Not everyone can look at a building and see a world of possibilities inside its four walls. But 35 years ago, that’s just what former school teacher Jenny Folley did — and her idea sparked a lucrative change in career that is still thriving today.
Folley’s vision of converting buildings into a series of shared office spaces began with her first venture in the coastal Melbourne suburb of Brighton.
After some success, she realised that the “money was in the city,” and expanded the ‘serviced office accommodation’ concept across the country.
Folley sold the business, Corporate Executive Offices, to Regus in 2014 — and the following year founded the family-run @WORKSPACES, which offers serviced and virtual offices, as well as co-working memberships.
She initially focused on central locations across Queensland, Victoria and New South Wales, as well as in Manila in the Philippines. But, she says, there has been a shift back to suburban locations amid COVID-19, as workers are less willing to commute, and are enjoying shopping and working locally.
While their Melbourne, Sydney and Brisbane CBD offices “took a massive whack” at the start of the pandemic — with clients seeking rent relief and referrals — Folley says @WORKSPACES newest suburban sites, in Toorak and Brighton, have seen inquiries soar by 30%-40%.
Since opening in March this year, the Brighton site, which includes 12 offices and a large urban area, is fully occupied.
“This building, which is where I started in Brighton in 1985, came up [for sale], and I thought, let’s give it a go. I honestly don’t know what made me do it, maybe sentimentality, but I had a longing to go back,” Folley tells SmartCompany.
“I didn’t think it would perform as strongly as the CBD buildings but, lo and behold, it’s been incredibly popular.”
She says a similar story unfolded in the TOK Corporate Centre in Toorak.
“I opened [the Toorak building] in 1997, [under my previous business] and the same opportunity came up again,” she says.
“I wasn’t looking to do this in the suburbs, as I thought the city was the better location, but it’s really worked out.
“If I knew then what was going to happen, I’d have made them three times their size.”
Less hustle and bustle
With more than 1000 clients — and prices ranging from $50 a month for virtual mail to $3,250 per week for a serviced office in Melbourne’s CBD – Folley says they placed a greater emphasis on private spaces, which targeted the corporate market.
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She adds that they were lucky they focused on that market, rather than just co-working areas, as they might have been sitting empty as a result of the pandemic.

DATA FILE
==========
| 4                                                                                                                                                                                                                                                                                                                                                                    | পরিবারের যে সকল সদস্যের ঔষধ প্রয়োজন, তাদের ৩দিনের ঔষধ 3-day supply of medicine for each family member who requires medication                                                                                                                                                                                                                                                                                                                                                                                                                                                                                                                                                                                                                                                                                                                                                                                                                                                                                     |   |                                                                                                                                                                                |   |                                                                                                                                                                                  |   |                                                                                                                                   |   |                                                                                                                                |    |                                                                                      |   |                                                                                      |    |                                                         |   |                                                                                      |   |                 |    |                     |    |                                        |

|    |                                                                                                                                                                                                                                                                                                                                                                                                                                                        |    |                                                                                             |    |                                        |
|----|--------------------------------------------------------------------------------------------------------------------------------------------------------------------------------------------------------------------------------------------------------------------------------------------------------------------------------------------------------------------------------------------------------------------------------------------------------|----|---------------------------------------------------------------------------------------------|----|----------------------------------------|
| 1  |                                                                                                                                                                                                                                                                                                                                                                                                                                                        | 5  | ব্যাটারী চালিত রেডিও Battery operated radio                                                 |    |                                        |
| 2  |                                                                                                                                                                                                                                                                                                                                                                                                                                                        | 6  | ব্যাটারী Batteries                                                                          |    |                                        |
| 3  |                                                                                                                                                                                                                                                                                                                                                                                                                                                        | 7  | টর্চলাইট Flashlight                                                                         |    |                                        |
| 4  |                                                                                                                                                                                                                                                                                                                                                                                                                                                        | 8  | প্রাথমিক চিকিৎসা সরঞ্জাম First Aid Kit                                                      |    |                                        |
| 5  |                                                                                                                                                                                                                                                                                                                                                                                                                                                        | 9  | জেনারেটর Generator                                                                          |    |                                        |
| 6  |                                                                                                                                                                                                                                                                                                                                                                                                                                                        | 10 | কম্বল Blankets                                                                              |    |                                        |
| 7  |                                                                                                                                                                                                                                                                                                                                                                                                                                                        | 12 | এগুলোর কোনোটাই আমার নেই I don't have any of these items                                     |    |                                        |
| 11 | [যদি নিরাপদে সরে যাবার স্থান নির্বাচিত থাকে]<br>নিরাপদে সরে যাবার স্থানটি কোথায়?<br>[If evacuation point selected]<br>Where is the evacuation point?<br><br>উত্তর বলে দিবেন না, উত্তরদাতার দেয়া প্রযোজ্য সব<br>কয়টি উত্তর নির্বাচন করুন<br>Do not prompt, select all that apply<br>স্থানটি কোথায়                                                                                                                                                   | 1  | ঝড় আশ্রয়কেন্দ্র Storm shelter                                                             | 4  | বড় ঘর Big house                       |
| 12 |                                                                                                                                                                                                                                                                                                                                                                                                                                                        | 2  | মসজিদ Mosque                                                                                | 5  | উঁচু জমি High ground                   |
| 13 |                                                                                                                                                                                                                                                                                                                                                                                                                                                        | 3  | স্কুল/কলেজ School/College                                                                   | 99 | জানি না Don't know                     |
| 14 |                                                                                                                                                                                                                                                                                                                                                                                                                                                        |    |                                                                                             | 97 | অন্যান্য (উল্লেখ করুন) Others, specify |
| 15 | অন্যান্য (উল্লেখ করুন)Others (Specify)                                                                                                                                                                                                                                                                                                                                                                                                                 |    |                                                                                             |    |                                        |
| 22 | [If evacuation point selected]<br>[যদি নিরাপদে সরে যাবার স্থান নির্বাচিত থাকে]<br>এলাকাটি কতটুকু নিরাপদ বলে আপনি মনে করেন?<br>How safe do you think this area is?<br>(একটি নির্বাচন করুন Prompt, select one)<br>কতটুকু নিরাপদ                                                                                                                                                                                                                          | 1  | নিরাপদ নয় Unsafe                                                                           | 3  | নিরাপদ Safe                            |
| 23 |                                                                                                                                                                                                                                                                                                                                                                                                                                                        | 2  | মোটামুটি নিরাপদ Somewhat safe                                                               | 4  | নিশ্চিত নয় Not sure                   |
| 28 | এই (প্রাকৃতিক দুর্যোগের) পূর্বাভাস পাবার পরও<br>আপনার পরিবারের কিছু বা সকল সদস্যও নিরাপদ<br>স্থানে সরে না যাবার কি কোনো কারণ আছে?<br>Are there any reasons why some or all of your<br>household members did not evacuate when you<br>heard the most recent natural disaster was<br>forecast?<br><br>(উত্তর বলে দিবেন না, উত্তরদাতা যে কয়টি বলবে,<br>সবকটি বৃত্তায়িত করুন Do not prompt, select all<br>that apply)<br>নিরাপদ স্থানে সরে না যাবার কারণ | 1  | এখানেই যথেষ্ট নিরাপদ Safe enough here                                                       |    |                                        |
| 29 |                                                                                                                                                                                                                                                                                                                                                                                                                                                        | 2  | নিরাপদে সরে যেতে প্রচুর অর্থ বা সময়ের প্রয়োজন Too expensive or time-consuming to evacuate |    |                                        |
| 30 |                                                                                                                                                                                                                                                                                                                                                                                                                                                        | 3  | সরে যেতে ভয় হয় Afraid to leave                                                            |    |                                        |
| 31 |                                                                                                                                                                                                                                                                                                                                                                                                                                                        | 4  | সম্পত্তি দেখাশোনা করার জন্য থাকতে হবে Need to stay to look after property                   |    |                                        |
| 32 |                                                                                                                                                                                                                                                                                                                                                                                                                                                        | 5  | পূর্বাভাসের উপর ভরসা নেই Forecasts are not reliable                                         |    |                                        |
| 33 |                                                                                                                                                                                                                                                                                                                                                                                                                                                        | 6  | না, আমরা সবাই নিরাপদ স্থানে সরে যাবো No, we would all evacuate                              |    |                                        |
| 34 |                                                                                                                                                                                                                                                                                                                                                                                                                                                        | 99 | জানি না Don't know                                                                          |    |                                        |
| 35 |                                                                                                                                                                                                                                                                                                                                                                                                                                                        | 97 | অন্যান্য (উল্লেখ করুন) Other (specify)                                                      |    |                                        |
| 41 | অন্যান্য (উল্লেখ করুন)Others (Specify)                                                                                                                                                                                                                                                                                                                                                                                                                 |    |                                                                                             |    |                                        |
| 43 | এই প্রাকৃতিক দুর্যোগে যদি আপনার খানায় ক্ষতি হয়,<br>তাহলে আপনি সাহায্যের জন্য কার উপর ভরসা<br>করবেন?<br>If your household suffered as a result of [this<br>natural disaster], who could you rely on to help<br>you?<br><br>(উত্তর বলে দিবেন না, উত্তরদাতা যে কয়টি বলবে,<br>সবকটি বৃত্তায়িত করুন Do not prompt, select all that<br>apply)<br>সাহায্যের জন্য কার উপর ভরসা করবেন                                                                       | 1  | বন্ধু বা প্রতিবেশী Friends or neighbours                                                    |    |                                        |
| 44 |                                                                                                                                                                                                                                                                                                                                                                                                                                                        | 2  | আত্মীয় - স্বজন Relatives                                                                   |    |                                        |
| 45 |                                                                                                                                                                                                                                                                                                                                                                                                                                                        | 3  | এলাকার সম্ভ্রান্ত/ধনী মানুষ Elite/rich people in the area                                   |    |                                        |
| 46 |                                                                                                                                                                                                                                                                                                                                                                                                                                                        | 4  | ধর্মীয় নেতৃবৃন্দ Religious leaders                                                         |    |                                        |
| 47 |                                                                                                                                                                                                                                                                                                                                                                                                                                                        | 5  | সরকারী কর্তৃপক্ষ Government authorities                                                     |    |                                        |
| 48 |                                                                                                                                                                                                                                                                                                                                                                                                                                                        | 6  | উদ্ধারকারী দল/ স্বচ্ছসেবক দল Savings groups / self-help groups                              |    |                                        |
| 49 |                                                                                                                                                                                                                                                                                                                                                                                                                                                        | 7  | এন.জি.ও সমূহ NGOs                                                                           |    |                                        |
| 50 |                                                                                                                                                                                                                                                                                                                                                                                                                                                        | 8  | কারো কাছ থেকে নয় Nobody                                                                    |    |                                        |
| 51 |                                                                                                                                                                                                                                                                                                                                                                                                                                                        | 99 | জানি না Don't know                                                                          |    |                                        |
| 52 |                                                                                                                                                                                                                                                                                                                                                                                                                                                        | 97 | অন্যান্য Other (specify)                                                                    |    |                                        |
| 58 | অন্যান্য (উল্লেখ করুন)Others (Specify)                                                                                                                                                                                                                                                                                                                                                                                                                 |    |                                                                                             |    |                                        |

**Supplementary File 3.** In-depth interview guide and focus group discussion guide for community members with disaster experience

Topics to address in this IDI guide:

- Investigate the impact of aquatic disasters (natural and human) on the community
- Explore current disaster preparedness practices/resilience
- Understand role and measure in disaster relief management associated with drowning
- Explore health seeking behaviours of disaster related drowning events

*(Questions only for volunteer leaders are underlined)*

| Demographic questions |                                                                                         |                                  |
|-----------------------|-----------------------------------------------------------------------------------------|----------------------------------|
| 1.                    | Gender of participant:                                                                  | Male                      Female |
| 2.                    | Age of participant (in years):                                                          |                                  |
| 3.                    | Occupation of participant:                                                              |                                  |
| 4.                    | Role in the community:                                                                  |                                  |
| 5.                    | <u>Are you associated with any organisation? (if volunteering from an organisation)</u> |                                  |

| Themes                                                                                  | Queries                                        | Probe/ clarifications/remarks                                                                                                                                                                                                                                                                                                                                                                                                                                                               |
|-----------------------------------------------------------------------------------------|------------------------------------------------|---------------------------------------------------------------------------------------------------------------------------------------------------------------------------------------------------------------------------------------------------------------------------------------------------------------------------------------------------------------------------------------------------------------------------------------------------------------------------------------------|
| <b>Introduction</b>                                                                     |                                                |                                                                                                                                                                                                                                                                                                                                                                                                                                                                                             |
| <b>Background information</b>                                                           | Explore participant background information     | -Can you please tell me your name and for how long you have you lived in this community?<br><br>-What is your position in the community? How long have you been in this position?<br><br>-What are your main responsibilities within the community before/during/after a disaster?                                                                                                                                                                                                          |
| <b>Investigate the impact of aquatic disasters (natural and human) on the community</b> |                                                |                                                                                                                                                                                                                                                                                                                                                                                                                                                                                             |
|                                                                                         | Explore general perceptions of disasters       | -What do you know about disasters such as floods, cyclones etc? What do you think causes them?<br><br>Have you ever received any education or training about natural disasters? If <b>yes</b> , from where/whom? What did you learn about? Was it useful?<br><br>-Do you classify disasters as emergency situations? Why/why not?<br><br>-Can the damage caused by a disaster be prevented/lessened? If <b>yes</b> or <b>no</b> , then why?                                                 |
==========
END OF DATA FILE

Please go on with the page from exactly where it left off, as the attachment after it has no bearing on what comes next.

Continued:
“People are still fearful of taking public transport into the city, and being too close to each other,” she says.
“Everyone in our private offices are making sure that they are large enough to accommodate them [while still maintaining social distancing].”
Folley say they will continue to retain a city presence, as it remains valuable for clients as a meeting spot and a prime location in a commercial hub.
But, she says it will be a while before people miss going into the city for every day.
“I recently met a group of lawyers in our Brighton offices [who were] wondering why they have an office in the city. So much is done via Zoom and other technologies [and they love] not having to travel as much. It’s given them more time to get … work done,” she says.
“People are also enjoying working closer to home, which is something they never imagined they’d be able to do. As a result, I think [a lot of our clients] will be hard-pressed to return to town.
“We are still focused on the city [but we’re] discovering that you need to provide opportunities for people in the suburbs [too].”
“People want a private office away from the distractions”
According to Folley, @WORKSPACES will seek sites in different areas, including regional Queensland, in the future, with clients attracted to suburban amenities including proximity to local schools, more parking options and easier access to the office.
She adds that these suburban hubs will help to see local shops boom.
“I think we are going to see local shops become more prominent in our lives than ever,” she says.
“I’m sorry that we only have two suburban sites – I wish we had more.”
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